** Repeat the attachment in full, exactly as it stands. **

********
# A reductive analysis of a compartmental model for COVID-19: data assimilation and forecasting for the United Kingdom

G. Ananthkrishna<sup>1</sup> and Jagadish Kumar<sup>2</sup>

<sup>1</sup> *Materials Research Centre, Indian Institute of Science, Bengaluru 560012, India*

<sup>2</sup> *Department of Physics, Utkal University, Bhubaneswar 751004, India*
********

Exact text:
# A reductive analysis of a compartmental model for COVID-19: data assimilation and forecasting for the United Kingdom

G. Ananthkrishna<sup>1</sup> and Jagadish Kumar<sup>2</sup>

<sup>1</sup> *Materials Research Centre, Indian Institute of Science, Bengaluru 560012, India*

<sup>2</sup> *Department of Physics, Utkal University, Bhubaneswar 751004, India*